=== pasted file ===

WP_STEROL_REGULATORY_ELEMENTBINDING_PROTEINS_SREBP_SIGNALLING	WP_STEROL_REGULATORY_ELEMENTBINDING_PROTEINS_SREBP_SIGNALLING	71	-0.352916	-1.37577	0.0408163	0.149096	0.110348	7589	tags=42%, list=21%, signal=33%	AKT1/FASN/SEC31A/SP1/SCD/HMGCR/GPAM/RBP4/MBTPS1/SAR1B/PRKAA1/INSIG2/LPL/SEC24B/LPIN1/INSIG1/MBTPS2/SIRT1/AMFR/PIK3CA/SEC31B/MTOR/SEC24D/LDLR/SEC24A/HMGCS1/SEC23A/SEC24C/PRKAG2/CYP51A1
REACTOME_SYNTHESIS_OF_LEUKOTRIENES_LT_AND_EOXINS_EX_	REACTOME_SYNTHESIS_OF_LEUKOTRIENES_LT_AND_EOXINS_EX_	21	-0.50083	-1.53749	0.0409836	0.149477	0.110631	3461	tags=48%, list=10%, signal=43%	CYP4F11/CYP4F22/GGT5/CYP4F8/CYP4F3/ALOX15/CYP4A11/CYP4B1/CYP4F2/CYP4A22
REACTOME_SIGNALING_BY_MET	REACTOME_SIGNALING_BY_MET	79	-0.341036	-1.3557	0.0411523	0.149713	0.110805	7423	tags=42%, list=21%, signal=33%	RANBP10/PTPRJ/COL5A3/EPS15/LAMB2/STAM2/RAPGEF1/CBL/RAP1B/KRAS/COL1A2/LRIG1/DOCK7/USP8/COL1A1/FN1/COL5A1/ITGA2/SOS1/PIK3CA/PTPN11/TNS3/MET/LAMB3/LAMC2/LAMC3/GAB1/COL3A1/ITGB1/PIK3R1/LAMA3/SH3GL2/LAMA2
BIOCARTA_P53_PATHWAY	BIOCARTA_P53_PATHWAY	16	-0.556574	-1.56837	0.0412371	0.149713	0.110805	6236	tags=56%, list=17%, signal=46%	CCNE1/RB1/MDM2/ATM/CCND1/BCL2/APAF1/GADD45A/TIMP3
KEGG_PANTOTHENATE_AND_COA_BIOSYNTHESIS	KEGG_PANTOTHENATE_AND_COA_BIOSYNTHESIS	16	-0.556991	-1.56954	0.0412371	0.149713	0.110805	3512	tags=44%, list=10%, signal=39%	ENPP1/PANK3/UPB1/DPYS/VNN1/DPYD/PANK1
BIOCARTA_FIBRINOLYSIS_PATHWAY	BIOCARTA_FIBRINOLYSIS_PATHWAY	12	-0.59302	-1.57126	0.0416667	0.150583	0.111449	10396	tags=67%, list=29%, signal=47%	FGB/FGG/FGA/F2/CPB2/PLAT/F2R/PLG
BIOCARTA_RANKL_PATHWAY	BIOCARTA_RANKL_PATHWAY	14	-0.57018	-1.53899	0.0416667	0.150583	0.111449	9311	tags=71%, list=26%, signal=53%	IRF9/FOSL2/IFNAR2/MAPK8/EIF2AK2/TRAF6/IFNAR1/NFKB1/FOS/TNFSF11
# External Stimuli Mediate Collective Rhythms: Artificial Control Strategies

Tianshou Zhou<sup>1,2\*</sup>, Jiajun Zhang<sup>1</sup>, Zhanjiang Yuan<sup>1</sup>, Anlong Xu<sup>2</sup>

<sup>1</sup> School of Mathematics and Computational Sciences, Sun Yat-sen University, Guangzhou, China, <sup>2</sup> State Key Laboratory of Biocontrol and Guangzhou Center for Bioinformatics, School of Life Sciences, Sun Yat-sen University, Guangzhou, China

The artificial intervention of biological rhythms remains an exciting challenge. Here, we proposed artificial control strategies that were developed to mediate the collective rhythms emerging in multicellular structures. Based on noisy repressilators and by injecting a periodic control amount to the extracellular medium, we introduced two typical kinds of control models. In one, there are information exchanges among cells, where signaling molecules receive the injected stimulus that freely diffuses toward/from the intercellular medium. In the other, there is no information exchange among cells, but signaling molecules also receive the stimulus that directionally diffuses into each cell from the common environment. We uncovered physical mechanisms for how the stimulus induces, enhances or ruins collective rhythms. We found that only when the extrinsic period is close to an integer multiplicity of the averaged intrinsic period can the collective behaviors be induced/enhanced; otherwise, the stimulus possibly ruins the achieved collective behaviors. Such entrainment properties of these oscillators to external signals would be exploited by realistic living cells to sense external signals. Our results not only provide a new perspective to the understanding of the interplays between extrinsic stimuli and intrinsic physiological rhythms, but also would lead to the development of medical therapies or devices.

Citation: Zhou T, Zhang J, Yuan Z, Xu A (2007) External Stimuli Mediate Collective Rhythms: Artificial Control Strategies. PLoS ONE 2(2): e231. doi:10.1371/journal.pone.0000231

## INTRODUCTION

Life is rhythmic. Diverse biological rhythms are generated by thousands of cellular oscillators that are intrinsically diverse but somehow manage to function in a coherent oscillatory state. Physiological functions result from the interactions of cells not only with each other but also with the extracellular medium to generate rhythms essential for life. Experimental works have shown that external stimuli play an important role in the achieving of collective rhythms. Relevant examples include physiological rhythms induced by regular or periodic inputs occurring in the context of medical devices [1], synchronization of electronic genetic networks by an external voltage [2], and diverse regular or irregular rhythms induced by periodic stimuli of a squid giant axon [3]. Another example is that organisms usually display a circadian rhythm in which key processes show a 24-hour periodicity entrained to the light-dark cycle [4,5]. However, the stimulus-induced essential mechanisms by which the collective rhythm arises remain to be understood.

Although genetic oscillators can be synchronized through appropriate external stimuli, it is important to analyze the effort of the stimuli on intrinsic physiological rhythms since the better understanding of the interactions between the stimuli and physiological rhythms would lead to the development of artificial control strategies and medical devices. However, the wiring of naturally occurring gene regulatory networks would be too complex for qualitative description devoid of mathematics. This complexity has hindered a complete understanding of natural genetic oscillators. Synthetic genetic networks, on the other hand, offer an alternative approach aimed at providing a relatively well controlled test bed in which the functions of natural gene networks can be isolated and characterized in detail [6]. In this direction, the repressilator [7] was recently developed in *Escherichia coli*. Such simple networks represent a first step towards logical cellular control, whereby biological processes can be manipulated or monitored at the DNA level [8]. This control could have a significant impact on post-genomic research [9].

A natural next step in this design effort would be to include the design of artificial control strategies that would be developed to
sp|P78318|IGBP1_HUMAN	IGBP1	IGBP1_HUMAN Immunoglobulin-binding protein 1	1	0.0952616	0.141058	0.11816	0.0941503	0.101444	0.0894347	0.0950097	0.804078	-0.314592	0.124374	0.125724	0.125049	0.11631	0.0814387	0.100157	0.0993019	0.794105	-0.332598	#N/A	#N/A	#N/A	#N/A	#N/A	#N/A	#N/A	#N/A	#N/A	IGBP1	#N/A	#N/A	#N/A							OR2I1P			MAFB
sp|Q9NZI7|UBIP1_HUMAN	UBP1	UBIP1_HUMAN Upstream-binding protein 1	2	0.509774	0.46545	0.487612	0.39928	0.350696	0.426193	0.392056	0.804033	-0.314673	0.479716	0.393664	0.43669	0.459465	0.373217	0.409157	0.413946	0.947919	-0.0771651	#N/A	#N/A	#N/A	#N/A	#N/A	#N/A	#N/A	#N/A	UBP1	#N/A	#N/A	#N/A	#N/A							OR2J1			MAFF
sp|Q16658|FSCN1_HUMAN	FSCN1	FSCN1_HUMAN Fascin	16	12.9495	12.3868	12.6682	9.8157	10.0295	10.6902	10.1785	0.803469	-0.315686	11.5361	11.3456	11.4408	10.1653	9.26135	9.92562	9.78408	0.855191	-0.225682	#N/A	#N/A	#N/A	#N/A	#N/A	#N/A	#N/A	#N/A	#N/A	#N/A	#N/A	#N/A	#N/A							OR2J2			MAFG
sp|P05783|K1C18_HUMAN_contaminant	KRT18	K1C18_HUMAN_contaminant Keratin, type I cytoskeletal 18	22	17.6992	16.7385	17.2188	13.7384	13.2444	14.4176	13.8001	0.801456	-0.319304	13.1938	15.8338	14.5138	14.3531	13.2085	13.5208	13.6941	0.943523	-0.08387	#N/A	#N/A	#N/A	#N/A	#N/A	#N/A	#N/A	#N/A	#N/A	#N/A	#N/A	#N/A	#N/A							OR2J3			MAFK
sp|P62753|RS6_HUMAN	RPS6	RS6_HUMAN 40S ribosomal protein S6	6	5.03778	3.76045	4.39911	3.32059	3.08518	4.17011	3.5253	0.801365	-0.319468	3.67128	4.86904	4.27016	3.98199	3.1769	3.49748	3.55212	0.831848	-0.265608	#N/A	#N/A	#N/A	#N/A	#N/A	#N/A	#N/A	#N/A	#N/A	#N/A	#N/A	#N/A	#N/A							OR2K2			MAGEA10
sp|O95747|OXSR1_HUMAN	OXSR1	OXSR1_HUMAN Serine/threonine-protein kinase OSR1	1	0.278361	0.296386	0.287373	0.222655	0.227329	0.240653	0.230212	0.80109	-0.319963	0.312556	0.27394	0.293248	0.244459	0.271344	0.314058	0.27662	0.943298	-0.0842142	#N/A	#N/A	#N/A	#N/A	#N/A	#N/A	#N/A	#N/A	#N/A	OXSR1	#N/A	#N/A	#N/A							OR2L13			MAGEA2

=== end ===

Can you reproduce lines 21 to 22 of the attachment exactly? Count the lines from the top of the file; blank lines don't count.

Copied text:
sp|P62753|RS6_HUMAN	RPS6	RS6_HUMAN 40S ribosomal protein S6	6	5.03778	3.76045	4.39911	3.32059	3.08518	4.17011	3.5253	0.801365	-0.319468	3.67128	4.86904	4.27016	3.98199	3.1769	3.49748	3.55212	0.831848	-0.265608	#N/A	#N/A	#N/A	#N/A	#N/A	#N/A	#N/A	#N/A	#N/A	#N/A	#N/A	#N/A	#N/A							OR2K2			MAGEA10
sp|O95747|OXSR1_HUMAN	OXSR1	OXSR1_HUMAN Serine/threonine-protein kinase OSR1	1	0.278361	0.296386	0.287373	0.222655	0.227329	0.240653	0.230212	0.80109	-0.319963	0.312556	0.27394	0.293248	0.244459	0.271344	0.314058	0.27662	0.943298	-0.0842142	#N/A	#N/A	#N/A	#N/A	#N/A	#N/A	#N/A	#N/A	#N/A	OXSR1	#N/A	#N/A	#N/A							OR2L13			MAGEA2